GLOVERSVILLE - The Common Council voted unanimously Tuesday to eliminate a mandatory $50-per- day fine for violators of the property maintenance code.
The fines for property-maintenance offenses previously were punishable by a minimum fine of $50 and no more than $250 a day, or possible imprisonment for up to 15 days.
The previous code also allowed each day of the violation to constitute a separate offense.
Gloversville resident Larry LaRowe talks to the city council Tuesday about a proposed moratorium on multi-unit dwellings.
The Leader-Herald/Levi Pascher
The decision to drop the mandatory $50 fine was made based on a recommendation from City Attorney Anthony Casale.
Casale wanted the city to eliminate the mandatory fine to give the city more options when negotiating cases. The new structure will give the city attorney and the City Court judge the right to allow property owners to fix their property problems without being forced to pay the mandatory fine of $50 per day.
The city, however, still has the option of fining property owners up to $250 per day for failure to comply with court demands to fix code violations.
Officials said the change will help with efforts to get property owners to comply with city codes.
"We want property owners to fix their houses," said Mayor Dayton King. "The previous fee didn't allow the court the option of granting conditional discharge."
The mayor said if the city asks a resident to paint his house and the resident complies, the resident won't be charged any fee, which previously was not an option.
A fine will be levied if the property owner doesn't comply with the demands of the court and city. The city still retains the ability to charge a maximum fee of $250 per day if the property owner fails to comply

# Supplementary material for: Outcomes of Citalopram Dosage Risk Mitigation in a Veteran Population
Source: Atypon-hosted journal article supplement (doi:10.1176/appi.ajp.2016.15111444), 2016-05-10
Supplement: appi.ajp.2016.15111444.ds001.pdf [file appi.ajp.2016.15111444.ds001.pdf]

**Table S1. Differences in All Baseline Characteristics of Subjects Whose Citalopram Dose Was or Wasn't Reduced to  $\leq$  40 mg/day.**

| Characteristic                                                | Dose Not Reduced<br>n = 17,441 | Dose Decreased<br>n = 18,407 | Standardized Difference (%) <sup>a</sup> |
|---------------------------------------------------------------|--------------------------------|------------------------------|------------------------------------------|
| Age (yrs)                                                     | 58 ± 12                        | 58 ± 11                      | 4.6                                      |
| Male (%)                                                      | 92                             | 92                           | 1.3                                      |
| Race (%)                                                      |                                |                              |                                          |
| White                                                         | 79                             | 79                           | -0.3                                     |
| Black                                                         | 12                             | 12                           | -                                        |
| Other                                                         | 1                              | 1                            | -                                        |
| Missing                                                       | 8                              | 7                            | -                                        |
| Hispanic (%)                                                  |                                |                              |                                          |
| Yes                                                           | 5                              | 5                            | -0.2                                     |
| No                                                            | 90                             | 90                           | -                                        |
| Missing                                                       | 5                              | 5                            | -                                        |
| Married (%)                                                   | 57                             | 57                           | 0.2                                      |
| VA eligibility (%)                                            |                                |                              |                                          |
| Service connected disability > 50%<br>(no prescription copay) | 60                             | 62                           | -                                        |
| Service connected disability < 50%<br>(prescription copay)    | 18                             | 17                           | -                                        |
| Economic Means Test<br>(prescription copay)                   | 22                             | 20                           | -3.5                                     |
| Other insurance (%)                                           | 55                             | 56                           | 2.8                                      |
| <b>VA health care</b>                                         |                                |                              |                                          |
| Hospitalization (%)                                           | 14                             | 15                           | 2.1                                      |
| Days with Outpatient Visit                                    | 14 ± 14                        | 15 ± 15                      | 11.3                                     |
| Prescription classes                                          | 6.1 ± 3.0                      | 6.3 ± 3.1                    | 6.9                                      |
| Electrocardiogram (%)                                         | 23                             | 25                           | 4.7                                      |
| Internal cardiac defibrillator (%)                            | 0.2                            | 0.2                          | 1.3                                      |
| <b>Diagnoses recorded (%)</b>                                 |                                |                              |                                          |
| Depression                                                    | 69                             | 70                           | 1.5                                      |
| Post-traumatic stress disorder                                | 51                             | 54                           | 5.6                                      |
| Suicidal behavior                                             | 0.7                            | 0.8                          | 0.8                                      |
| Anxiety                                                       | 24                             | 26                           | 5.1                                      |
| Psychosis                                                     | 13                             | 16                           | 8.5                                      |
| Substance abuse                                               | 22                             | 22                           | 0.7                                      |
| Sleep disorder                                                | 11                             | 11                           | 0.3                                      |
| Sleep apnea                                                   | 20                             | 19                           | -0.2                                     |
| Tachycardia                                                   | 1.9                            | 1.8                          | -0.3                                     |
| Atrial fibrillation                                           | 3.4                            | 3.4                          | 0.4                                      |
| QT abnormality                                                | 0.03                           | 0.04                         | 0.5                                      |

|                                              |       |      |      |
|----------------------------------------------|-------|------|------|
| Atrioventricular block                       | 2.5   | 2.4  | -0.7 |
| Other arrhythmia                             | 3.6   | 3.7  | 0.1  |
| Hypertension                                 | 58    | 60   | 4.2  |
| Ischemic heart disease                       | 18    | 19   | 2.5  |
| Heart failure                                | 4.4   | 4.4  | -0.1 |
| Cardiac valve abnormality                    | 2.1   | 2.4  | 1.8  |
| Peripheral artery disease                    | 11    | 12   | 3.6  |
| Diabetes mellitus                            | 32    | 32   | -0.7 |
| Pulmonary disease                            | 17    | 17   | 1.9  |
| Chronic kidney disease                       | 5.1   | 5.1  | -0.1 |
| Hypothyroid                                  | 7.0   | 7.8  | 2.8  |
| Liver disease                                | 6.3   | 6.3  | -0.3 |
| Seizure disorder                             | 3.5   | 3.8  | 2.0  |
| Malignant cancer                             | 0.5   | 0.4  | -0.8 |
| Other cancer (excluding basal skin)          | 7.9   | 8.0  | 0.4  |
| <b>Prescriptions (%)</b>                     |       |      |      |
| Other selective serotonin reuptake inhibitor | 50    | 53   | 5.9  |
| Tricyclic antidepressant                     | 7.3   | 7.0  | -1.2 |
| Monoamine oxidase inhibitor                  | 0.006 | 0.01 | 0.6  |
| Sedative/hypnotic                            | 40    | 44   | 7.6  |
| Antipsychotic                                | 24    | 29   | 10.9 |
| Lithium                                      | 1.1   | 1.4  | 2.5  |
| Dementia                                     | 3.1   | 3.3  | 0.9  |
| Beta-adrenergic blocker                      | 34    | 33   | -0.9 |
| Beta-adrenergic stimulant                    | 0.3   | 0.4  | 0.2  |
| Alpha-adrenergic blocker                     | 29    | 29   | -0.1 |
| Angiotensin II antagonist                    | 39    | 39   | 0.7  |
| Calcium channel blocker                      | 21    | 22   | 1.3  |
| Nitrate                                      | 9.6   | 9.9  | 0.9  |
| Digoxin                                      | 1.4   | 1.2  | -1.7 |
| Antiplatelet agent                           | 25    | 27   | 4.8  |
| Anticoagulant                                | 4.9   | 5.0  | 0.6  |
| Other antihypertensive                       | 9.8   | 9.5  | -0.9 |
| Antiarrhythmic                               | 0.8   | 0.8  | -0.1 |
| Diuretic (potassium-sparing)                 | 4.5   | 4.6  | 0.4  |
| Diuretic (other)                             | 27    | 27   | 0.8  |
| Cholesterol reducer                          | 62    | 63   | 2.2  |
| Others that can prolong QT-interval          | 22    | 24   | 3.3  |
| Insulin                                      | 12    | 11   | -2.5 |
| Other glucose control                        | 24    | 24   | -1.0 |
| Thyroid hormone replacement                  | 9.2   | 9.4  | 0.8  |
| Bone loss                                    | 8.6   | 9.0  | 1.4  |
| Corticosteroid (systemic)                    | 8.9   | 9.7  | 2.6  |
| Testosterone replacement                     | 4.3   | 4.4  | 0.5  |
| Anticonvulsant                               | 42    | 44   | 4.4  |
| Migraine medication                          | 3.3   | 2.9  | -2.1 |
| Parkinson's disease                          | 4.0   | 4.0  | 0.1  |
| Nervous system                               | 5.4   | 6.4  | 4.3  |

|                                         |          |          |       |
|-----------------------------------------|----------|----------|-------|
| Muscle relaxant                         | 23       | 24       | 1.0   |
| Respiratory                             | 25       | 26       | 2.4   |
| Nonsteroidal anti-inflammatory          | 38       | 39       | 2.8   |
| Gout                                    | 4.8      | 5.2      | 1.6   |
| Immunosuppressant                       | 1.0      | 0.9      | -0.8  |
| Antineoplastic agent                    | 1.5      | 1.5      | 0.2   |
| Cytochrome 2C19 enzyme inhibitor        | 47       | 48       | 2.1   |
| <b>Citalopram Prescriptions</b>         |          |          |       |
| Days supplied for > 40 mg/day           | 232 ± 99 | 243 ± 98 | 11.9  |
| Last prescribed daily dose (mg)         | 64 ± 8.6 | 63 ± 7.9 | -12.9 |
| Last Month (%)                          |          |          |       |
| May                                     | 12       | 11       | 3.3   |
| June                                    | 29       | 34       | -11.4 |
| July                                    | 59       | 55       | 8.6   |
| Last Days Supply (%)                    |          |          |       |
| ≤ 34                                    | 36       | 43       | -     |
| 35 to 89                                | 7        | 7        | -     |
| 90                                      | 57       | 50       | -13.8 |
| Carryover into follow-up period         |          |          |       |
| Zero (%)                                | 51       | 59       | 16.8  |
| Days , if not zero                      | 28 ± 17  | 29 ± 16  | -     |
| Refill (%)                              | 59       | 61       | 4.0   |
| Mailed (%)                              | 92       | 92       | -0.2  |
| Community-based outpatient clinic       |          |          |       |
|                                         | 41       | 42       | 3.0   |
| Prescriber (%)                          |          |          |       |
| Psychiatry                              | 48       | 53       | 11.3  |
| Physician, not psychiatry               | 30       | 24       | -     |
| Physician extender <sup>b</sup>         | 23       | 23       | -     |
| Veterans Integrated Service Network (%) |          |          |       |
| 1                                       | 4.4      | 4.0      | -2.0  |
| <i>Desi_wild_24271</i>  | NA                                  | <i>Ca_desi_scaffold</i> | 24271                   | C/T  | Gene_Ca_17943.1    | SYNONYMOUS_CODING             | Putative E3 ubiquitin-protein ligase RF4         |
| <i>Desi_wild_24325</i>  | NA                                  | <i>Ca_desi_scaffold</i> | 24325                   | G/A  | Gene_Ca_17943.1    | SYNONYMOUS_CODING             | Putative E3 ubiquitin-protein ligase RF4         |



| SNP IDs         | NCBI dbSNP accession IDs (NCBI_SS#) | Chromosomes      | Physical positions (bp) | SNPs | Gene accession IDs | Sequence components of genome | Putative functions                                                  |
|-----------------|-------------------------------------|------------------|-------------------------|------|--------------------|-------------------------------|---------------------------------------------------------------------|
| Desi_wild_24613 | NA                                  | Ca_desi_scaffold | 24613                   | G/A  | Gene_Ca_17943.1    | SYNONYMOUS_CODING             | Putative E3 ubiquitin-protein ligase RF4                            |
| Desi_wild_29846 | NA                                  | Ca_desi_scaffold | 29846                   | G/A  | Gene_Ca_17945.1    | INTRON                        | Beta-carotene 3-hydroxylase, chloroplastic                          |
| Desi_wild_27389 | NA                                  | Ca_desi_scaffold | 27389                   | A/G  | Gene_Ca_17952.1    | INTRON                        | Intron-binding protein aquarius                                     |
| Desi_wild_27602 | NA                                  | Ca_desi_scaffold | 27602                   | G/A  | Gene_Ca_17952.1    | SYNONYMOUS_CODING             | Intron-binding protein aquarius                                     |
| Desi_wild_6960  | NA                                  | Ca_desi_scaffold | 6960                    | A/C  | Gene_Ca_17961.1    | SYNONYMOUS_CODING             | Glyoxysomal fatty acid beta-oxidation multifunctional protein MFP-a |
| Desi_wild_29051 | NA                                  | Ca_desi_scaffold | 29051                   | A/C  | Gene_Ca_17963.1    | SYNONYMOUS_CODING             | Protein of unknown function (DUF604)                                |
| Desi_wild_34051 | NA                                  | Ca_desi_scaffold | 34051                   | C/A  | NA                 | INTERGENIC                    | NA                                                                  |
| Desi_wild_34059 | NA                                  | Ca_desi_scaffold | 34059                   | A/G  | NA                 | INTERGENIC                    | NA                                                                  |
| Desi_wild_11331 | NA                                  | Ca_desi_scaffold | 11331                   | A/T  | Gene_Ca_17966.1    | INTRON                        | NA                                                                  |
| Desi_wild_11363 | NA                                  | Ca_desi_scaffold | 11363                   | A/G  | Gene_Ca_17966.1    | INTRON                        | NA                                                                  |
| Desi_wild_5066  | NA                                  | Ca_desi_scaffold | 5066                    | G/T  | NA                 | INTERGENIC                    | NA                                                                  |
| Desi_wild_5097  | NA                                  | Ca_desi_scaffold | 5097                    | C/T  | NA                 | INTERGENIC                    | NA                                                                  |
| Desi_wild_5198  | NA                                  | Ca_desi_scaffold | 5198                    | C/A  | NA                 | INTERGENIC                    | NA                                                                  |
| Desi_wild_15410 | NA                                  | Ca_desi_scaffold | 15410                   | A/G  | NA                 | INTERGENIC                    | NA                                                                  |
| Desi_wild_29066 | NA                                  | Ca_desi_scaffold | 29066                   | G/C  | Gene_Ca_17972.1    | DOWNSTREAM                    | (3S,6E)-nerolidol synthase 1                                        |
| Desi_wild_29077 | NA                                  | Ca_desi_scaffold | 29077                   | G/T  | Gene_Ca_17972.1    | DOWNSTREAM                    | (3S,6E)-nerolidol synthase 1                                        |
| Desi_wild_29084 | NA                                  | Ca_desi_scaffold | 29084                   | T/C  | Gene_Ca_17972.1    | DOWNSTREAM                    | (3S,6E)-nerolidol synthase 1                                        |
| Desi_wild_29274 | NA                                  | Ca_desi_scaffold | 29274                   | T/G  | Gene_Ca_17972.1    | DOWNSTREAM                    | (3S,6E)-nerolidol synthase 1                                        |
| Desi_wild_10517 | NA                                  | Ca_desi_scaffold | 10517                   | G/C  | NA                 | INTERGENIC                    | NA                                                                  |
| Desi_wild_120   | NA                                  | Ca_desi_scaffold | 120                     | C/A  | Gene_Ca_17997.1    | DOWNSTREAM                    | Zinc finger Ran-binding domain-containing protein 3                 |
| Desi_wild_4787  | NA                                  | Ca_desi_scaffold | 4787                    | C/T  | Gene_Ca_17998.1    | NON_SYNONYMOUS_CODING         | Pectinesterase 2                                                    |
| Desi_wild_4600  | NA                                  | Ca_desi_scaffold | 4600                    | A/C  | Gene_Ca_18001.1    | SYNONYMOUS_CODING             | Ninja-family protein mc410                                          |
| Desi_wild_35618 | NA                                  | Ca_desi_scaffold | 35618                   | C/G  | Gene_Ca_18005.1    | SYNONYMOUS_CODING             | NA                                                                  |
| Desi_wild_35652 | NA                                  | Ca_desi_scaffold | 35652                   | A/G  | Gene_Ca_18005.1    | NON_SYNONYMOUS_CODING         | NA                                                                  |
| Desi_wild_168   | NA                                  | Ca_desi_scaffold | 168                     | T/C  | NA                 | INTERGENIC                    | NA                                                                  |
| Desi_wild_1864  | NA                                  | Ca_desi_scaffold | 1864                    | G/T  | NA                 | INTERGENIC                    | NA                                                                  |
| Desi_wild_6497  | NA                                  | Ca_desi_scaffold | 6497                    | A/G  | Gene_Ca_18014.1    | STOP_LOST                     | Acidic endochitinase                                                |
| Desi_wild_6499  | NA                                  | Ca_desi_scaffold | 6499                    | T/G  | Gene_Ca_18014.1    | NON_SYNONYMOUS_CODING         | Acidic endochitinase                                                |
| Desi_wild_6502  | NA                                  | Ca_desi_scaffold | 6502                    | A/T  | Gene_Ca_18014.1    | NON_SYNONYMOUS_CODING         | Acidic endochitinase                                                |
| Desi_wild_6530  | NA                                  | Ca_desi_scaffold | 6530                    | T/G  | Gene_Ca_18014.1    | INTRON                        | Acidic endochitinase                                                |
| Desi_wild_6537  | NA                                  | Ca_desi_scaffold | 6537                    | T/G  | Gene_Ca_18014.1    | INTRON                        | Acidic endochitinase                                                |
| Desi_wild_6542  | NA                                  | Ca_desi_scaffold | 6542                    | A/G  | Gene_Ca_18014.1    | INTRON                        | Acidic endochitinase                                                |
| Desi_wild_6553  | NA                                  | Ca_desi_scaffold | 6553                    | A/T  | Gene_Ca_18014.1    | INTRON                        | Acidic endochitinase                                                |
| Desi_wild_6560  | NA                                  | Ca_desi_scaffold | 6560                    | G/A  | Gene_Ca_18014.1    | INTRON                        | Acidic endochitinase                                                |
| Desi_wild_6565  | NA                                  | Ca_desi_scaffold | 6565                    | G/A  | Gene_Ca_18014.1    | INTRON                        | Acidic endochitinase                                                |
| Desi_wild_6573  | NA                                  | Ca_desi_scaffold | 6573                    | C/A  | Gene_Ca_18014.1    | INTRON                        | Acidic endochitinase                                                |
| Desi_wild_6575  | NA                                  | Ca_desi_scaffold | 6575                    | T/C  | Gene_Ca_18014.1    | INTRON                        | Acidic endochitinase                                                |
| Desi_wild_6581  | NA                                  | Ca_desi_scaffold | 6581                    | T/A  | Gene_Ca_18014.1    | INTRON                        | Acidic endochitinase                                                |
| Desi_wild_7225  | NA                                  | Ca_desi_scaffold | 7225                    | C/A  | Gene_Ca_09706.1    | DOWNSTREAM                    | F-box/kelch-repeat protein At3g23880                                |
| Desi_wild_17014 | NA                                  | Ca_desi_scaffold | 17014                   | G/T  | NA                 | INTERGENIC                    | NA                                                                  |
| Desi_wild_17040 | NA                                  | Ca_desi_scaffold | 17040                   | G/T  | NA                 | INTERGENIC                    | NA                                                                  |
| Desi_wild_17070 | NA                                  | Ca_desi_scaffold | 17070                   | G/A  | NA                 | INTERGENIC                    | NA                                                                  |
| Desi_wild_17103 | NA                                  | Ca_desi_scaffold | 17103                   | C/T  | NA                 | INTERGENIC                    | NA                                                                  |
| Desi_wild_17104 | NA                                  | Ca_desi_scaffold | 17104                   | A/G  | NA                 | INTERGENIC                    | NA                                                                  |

The council Tuesday tabled a proposed nine-month moratorium on the construction of new multiple-unit dwellings within residentially zoned areas.
After consulting the city attorney, the council learned the city Planning Board has 30 days to take necessary action before the council can pass the law.
The council tabled the proposal until October.
The Planning Board will have the opportunity to recommend approval, denial or make other recommendations.
If the Planning Board takes no action before 30 days, the council can continue with the proposed law as planned, said Casale.
King previously said the city already has an overabundance of housing stock between two-family homes and already constructed housing units, so new housing is not need in residential areas.
The mayor stressed it isn't necessary to start construction of new housing in residential areas when existing buildings could be renovated.
"What we are looking to do is see these vacant buildings that are throughout the city being reused or restored before putting up new buildings, if it is possible," said King. "We want our city to be a safe place to work, visit and play."
While the law was tabled, the council still held a public hearing on the moratorium.
Larry LaRowe, of 12 Fifth Ave. in Gloversville, expressed concern about the moratorium not being in the best interest of the residents. He said the council should consider how the moratorium would harm or help Gloversville before making the final decision.
"Essentially, you are saying no more housing is desired or required within the confines of Gloversville," said LaRowe. "I hope one day to see the area return to greatness, but if you turn off the engine by saying we don't want growth, you will effectively push away new businesses to other areas of the country."
The law is proposed while the controversial Kinderhook Development project is under construction on the hill above Lee Avenue and Northern Terrace.
King said the proposed moratorium would have no effect on the Kinderhook project, but would prevent similar projects from getting started in residential areas.